Form and Function
Out of 10
Ford needs to spend more money on the Fusion’s interior. The silver plastic trim looks exactly like silver plastic, and the roof pillar covers ought to be textured to match the headliner. Wrapping the windshield pillars in the same cloth used for the headliner would be a simple way to upgrade the cabin, similar to what Volkswagen does in the Jetta.
Otherwise, the Fusion’s cabin represents a clear improvement over the vehicle it replaces. The single-piece soft-touch dashboard and soft-touch upper door panel materials are excellent in terms of gloss levels and graining, and though the cabin emphasizes simplicity over glitz, elegant design solutions abound, like the inclusion of front quarter windows, the artfully executed forward console storage well and the tweeter speakers integrated with the door-handle pulls in the upper door panels.
The Fusion’s optional 10-way power driver’s seat is very comfortable, providing a perfect driving position and long-distance support. Our test car’s 4-way power front passenger’s seat, however, proved awful. Mounted too low, the seat made me feel like I was sitting on the floor, and I really did not enjoy riding shotgun in this car. Passengers who prefer a supportive seat with a good view out are advised to ride in the Fusion’s back seat, which offers an elevated position combined with good leg and foot room.
The Fusion’s trunk is well-shaped and roomy, providing 16 cubic feet of cargo capacity. Inside the lid, there is a grab handle designed to assist in closing the trunk without dirtying one’s hand on the outside of the lid. When using the handle to close the lid, be sure to choose an underhand grip. I almost snapped my wrist using an overhand grip to close the trunk.
As an aside, note that like all Ford products, the 2013 Fusion is equipped with a capless fuel filler system, which means you don’t need to screw a fuel cap off and then back on when filling the tank with gas. Until you live with this feature, you don’t realize how terrific it is to go capless.
Out of 10
Every 2013 Fusion is equipped with Ford’s Sync connectivity and voice-control technology, which provides Bluetooth pairing for smartphones and a USB connection for digital music players. Sync allows the driver to make and receive phone calls and to play music over the car’s stereo system. Vehicle diagnostics and emergency services are included, and owners can subscribe to traffic, weather, news and travel updates.
Ford’s next-generation MyFord Touch infotainment system is available for most Fusion trims and represents an improvement in terms of intuitiveness and responsiveness over the first version of this technology. I also think the Fusion’s haptic feedback touch-panel climate-control system is more responsive and requires less accuracy than similar technology in other vehicles.
An Active Park Assist system is optional for more expensive versions of the Fusion and can identify parallel parking spaces into which the car will fit, and then steer the car into the space while the driver operates the transmission and pedals. Fusion Hybrids have a SmartGauge with EcoGuide system that displays a vine of green leaves that multiply as the driver achieves greater levels of fuel efficiency.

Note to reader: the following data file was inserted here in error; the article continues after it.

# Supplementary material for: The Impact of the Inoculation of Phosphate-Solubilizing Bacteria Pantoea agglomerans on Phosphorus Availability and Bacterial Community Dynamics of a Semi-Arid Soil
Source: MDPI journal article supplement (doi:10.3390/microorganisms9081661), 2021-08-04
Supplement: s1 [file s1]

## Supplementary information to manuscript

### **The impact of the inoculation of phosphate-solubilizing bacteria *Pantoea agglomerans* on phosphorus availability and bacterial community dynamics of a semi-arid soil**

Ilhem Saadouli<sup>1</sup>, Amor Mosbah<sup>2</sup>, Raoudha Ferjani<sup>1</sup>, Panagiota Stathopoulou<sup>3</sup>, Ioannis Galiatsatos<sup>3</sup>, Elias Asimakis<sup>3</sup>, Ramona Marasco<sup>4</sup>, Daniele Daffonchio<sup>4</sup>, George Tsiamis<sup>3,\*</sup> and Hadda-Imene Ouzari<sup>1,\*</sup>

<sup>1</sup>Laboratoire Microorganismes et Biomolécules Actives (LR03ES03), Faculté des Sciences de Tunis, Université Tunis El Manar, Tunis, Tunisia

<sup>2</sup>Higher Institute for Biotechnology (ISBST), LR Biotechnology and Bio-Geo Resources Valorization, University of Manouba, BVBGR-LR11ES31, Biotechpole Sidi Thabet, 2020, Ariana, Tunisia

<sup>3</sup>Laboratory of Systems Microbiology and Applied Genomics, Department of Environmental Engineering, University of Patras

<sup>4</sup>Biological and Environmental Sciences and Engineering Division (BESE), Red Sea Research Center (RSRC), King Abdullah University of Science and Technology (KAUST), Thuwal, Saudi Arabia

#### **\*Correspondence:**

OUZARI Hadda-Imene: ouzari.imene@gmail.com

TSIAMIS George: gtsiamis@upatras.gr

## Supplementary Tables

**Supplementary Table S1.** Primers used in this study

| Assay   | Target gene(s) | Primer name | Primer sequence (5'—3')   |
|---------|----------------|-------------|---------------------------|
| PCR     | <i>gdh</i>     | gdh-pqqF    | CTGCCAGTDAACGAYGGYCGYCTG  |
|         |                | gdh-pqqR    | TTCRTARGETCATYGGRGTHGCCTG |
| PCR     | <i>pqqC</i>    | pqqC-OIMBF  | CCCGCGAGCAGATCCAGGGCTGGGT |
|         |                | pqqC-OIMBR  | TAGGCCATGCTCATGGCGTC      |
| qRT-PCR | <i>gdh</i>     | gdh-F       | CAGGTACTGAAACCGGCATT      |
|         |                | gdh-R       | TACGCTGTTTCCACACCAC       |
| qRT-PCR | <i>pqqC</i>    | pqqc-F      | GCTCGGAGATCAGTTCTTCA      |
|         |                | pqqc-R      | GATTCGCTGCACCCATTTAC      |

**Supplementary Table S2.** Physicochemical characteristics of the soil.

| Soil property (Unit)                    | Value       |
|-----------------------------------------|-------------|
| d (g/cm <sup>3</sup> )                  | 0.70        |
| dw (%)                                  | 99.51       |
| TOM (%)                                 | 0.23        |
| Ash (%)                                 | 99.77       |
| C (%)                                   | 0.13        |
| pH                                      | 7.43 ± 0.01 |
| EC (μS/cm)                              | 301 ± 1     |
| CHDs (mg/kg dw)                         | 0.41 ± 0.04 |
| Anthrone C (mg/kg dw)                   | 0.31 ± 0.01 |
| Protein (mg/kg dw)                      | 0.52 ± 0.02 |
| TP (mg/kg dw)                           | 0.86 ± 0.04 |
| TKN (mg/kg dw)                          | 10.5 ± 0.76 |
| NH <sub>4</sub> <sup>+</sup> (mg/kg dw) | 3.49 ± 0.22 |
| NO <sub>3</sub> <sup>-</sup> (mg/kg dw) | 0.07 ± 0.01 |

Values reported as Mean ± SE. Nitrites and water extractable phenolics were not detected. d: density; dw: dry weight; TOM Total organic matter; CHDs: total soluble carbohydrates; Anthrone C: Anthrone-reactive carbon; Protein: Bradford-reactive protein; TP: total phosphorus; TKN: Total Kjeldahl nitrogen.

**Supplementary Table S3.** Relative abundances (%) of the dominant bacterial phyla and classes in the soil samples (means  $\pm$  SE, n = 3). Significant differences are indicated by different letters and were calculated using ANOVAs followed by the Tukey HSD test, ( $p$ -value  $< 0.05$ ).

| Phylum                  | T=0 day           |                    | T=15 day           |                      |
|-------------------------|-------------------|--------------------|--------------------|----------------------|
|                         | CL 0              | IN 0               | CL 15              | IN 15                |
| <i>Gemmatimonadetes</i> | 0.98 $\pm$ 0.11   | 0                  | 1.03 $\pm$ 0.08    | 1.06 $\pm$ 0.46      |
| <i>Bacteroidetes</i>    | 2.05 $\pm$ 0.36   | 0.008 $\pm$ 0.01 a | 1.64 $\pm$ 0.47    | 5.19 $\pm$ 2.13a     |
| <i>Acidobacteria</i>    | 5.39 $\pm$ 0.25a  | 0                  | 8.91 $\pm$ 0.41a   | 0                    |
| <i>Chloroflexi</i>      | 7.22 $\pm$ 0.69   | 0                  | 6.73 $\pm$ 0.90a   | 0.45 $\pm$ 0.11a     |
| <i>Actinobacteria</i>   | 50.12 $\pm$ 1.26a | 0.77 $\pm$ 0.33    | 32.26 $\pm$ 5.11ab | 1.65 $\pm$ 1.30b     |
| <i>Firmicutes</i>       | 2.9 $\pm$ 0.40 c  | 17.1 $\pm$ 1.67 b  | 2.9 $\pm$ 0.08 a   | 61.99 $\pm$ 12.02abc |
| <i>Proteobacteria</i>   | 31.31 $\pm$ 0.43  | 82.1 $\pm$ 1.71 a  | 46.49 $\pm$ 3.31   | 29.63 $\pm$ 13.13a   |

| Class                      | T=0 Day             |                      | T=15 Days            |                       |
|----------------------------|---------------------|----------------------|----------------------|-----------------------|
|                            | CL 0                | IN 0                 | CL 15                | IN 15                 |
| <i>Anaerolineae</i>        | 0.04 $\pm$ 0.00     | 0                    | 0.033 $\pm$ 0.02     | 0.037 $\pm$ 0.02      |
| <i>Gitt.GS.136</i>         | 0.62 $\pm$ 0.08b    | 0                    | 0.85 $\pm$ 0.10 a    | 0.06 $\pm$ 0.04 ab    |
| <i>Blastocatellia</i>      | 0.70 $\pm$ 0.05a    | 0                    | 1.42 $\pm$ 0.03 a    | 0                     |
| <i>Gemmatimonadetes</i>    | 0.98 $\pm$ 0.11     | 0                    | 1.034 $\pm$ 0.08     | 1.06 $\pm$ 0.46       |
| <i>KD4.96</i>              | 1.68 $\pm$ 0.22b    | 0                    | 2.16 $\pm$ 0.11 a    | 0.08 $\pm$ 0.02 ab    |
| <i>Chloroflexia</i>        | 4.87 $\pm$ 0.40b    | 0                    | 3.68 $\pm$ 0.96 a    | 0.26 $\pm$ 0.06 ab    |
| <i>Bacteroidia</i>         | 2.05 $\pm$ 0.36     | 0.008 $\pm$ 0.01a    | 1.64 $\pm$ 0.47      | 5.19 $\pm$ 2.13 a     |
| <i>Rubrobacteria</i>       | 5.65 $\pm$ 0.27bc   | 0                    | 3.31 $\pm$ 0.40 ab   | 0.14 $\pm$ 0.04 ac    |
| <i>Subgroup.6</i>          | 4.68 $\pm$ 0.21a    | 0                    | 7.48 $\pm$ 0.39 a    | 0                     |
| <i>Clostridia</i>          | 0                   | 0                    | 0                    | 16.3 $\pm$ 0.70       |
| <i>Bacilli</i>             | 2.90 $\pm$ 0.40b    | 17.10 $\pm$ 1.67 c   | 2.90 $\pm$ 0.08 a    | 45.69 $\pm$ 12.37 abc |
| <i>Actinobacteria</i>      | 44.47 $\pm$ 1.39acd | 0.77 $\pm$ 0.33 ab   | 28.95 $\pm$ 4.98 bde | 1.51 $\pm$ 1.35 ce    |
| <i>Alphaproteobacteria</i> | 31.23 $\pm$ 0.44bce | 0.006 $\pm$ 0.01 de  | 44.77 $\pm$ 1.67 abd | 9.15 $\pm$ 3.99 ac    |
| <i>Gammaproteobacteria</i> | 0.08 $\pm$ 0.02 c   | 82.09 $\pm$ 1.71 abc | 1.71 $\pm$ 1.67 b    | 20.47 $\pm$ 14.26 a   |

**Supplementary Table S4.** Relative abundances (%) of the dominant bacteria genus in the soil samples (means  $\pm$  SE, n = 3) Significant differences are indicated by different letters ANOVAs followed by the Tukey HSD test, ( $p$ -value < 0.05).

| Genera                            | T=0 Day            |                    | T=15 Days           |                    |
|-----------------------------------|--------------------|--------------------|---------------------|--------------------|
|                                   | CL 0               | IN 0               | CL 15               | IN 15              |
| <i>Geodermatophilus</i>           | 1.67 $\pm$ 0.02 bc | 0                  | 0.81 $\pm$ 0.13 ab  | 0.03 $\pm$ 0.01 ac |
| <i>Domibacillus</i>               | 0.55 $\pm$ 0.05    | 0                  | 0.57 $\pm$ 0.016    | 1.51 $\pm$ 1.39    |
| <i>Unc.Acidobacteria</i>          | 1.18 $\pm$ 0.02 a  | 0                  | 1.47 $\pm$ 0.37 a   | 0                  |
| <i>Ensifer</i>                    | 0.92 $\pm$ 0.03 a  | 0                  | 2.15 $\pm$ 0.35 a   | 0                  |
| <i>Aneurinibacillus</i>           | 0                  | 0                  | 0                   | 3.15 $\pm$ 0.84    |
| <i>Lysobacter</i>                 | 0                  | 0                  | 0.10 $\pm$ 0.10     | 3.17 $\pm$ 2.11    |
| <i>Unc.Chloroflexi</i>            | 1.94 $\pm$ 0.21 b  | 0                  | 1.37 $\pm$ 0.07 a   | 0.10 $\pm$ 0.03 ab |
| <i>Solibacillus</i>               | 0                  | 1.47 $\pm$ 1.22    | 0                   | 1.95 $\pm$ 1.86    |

Out of 10
Ford equips every 2013 Fusion with 8 airbags, 4-wheel disc antilock brakes with emergency brake assist, traction and stability control, and an SOS Post Crash Alert system that activates the hazard flashers, sounds the horn and unlocks the doors following a collision. MyKey technology is also standard, allowing the Fusion’s owner to program vehicle speed and volume limits, to sound incessant seatbelt reminder chimes and to defeat the ability to turn off the stability control system, all features that are useful to parents with teenage drivers in the house.
Sync connectivity is also standard for the 2013 Fusion, and when a smartphone is paired with the system and the airbags deploy, a 911 Assist feature automatically puts an emergency operator in touch with the Fusion’s occupants. The operator can also send rescue personnel to the Fusion’s exact location, even if occupants are unable to respond. Safety-related options for the Fusion include a reversing camera, a Lane Keeping System, a Blind-spot Information System, a Cross-Traffic Alert system, and an Adaptive Cruise Control system with Forward Collision Warning technology.
On paper, the 2013 Fusion looks like a safe car. What about in practice? According to the National Highway Traffic Safety Administration (NHTSA), all 2013 Fusion variants except for one receive a 5-star overall crash-test rating, the highest rating possible. The NHTSA has not yet performed crash tests on the Fusion Energi plug-in hybrid.
The Insurance Institute for Highway Safety (IIHS) also bestows its highest rating upon the new Fusion, calling it a Top Safety Pick Plus. This rating applies to Fusions built after December 2012. New 2013 Fusions assembled prior to January 2013 are called a Top Safety Pick.
Out of 10
The new Ford Fusion competes in the midsize family sedan segment, one in which consumers have many excellent choices. To increase market share, Ford will need to remain aggressive in terms of pricing, and as this article is written, the automaker is offering a variety of appealing programs to entice buyers, including low lease payments, 0% financing for 60 months, up to $1,500 in rebate money and more.
Oftentimes, the money saved when buying a car is lost when it comes time to sell a car as a used vehicle. The Fusion, however, is expected to hold its value well over time, according to ALG, which sets residual values for the industry.
If there’s a cause for any concern with regard to cost effectiveness, it pertains to the Fusion’s official EPA fuel economy estimates compared to what happens in the real world. During our test drive, the majority of the miles covered were on the highway, yet we didn’t even achieve the EPA’s projected combined driving average in terms of fuel economy.
Christian Wardlaw has nearly two decades of experience reviewing cars, and has served in editorial leadership roles with Edmunds, Autobytel, and J.D. Power and Associates. Chris prefers to focus on the cars people actually buy rather than the cars about which people dream, and emphasizes the importance of fuel economy and safety as much as how much fun a car is to drive. Chris is married to an automotive journalist, is the father of four daughters, and lives in Southern California.